“Ponyboy” is probably the sexiest thing that Xeon’s recorded, with lyrics like “Spit on my face / Put the pony in his place / I am your toy / Just a little ponyboy” over a punishing bass kick. Oil’s brazenness is awe-inspiring. While the album plays intelligently with gender and identity—the fluid ways we make and remake ourselves—its real strength lies in how it showcases Xeon’s growth as a musician. She’s moved away in part from her previous chemical bubblegum pop, toward harsher and darker and often more beautiful electronic textures, some of which she explored with Vince Staples on last year’s Big Fish Theory. (Xeon produced “Yeah Right,” one of that album’s best tracks.) This progress captures her as an artist very much in flux, yet one who’s also very sure of herself and her work.

Negro Swan, the new album by Blood Orange—the current stage name of the British singer, songwriter, and producer Devonté Hynes—is tonally quite different from Oil, though thematically (missing) it’s fairly similar. Hynes’s sound hasn’t undergone as much of a transformation from his earlier work, but as the album progresses, it’s clear that his songwriting and artistic instincts have. Across the album, there are spoken interludes by the TV host and activist Janet Mock that reinforce Negro Swan’s message—one of vulnerability in the face of oppression and even physical harm, and of the bravery that it takes to show up as yourself—even as they interpret it. In these passages, Mock tells us about family and community, “the spaces where you don’t have to shrink yourself,” and about how difficult it can be to “stop pretending, to stop performing in ways that people wanted me to.”

Mock’s voice is something of a vehicle for traversing Hynes’s often-weighty sounds. It ferries the listener across his falsettos and electric organs, and from the world as it seems now to a brighter, stranger twin inhabited mostly by queer people and people of color. At the beginning of “Jewelry,” Mock observes: “My favorite images are the ones where someone who isn’t supposed to be there—who’s like in a space, a space where we were not ever welcomed in, where we were not invited—yet we walk in and we show all the way up.”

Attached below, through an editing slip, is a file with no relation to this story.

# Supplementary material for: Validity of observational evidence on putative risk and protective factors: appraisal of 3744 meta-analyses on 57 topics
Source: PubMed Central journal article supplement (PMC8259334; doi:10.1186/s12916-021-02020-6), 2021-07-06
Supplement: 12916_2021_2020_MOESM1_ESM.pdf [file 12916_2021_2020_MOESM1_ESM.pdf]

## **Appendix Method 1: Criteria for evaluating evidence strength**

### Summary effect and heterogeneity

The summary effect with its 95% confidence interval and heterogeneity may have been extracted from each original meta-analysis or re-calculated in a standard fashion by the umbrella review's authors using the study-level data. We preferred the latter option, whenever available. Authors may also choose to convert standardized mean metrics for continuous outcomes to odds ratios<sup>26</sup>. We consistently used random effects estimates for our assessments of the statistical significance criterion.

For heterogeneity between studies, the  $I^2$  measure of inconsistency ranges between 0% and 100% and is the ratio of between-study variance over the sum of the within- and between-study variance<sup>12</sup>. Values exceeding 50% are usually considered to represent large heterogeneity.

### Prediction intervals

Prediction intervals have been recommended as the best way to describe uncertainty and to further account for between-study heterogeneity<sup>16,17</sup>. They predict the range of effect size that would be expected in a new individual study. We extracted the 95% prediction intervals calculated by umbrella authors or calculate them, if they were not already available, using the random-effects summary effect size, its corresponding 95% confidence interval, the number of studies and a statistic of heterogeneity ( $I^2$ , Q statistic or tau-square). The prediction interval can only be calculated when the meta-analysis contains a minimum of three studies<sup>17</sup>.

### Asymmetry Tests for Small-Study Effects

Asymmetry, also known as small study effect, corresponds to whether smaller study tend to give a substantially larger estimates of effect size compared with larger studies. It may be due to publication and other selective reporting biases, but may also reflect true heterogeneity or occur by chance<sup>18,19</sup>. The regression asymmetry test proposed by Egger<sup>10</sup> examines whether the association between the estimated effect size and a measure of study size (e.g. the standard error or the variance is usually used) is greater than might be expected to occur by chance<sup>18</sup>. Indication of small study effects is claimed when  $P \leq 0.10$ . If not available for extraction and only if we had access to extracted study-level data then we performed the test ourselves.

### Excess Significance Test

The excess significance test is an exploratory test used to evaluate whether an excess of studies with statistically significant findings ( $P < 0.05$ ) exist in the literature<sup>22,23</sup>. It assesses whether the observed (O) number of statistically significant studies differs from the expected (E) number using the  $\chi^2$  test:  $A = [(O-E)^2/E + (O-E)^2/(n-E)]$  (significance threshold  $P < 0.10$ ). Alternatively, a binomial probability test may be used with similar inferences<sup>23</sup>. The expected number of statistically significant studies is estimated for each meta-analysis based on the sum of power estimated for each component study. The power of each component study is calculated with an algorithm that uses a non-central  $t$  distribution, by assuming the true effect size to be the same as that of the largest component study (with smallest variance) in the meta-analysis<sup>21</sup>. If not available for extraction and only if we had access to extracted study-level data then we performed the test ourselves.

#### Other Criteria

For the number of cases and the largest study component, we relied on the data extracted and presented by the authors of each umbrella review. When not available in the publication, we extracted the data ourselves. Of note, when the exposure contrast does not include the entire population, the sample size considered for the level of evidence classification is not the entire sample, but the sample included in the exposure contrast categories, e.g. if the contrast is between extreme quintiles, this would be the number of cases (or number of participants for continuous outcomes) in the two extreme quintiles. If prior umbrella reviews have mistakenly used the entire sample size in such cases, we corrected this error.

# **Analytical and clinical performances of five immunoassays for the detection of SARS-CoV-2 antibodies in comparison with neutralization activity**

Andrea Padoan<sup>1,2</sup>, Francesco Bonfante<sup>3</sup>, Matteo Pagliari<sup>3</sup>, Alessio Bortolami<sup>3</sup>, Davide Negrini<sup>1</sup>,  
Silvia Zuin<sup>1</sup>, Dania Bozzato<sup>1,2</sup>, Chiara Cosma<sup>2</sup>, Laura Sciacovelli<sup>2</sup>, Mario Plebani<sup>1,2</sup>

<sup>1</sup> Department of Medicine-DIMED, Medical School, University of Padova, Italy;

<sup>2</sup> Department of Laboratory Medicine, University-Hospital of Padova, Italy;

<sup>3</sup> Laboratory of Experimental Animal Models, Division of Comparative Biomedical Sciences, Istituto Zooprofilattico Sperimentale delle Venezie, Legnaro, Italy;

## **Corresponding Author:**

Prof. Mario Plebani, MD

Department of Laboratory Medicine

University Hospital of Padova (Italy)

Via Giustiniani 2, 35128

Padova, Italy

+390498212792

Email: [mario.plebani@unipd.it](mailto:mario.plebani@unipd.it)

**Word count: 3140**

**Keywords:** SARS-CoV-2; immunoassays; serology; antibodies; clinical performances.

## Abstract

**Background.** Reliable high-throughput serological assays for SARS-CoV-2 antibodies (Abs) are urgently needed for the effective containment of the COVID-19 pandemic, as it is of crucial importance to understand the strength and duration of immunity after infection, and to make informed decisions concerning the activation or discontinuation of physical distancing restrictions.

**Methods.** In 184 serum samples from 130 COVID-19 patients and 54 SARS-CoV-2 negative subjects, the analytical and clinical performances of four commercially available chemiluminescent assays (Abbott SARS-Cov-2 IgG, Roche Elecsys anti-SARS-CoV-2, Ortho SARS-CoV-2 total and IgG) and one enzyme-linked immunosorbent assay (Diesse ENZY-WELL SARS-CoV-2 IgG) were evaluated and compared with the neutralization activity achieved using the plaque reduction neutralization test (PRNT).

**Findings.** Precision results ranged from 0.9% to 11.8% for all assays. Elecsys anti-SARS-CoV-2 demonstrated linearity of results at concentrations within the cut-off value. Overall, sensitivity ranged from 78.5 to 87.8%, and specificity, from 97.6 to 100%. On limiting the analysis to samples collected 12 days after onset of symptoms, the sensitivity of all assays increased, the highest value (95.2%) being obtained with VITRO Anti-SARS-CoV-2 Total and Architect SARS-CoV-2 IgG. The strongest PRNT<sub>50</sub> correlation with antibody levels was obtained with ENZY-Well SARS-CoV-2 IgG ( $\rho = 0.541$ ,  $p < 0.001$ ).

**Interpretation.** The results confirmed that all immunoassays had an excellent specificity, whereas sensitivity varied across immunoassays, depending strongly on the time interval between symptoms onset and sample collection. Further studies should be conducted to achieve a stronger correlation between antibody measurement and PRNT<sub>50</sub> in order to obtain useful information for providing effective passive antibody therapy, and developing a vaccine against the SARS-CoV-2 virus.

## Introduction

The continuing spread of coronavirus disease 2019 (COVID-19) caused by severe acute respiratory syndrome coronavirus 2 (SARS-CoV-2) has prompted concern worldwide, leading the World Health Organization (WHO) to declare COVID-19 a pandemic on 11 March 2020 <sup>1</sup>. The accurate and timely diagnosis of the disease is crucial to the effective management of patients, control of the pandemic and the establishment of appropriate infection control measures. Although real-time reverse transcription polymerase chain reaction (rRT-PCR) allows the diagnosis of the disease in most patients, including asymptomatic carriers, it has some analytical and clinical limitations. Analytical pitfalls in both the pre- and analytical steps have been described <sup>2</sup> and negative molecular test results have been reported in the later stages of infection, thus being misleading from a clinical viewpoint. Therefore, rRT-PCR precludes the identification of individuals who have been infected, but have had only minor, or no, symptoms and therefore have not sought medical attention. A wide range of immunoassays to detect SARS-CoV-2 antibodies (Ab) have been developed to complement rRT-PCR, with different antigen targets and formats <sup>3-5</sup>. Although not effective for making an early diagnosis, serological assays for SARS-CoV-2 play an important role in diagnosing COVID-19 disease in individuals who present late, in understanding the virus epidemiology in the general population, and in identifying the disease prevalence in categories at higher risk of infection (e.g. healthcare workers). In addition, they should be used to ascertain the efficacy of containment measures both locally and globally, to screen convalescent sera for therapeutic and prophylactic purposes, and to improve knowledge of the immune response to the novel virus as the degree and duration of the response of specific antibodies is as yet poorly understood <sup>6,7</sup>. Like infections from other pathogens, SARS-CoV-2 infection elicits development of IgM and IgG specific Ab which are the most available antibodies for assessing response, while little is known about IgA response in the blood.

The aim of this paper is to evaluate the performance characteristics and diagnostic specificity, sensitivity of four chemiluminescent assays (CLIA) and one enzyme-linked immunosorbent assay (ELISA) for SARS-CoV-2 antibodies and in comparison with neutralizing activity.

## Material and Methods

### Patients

And it works. In “Orlando,” the album’s first track, Hynes recalls being beaten up by his classmates for being different, for not quite fitting the black masculine archetype that they believed every man had to uphold:

After school, sucker-punched down
Down and out
First kiss was the floor
First kiss was the floor
But, God, it won’t make a difference if you don’t get up.

At the end of the song, Mock’s voice returns and brings us back into a slightly more enlightened present. “You know, an insult that we often put onto a lot of folk… ‘Oh, you’re doing too much,’” she says, over a swelling high hat. “So like, a couple years ago, I was like: ‘You know what? My resolution, my eternal resolution, will be…to do too much.’ ”

Trying too hard, doing too much, being too loud, too ambitious, too obvious, too insistent—for Hynes and Mock, this is exactly what the world needs more of. And for the rest of the album, the pair try to do exactly that, with Hynes bringing in other voices from the music industry to help him tell his story. We find him surrounded by collaborators: Puff Daddy, Tei Shi, A$AP Rocky, Project Pat, and Ian Isiah, among others.

The Puff Daddy and Tei Shi collaboration is particularly captivating: Hynes’s voice and music fade into the background, acting as a canvas upon which Puffy and Tei Shi can paint. Their addition is welcome, but the painting they produce with Hynes is, admittedly, not all that different from the one he made on the 2013 release Cupid Deluxe and on Freetown Sound, recorded between 2014 and 2016. And that’s part of the problem: For all of Negro Swan’s messages and fanfare, the beauty of the music itself has, after four Blood Orange albums from Hynes, worn a little thin. While the album is designed to be listened through many, many times, his lyrics are buried beneath layer upon layer of obfuscation—and you sometimes end up feeling like you’ve heard it all before. But to ask Hynes to change that would be to ask him to abandon his trademark style, the thing that made him famous as a musician and as a musical collaborator. Even so, there is a small change here. And isn’t that what life’s about?

Correction: An earlier version of this article inaccurately implied that Negro Swan is Blood Orange’s first collaborative album. In fact, he has often had collaborators on past work. The text has been corrected.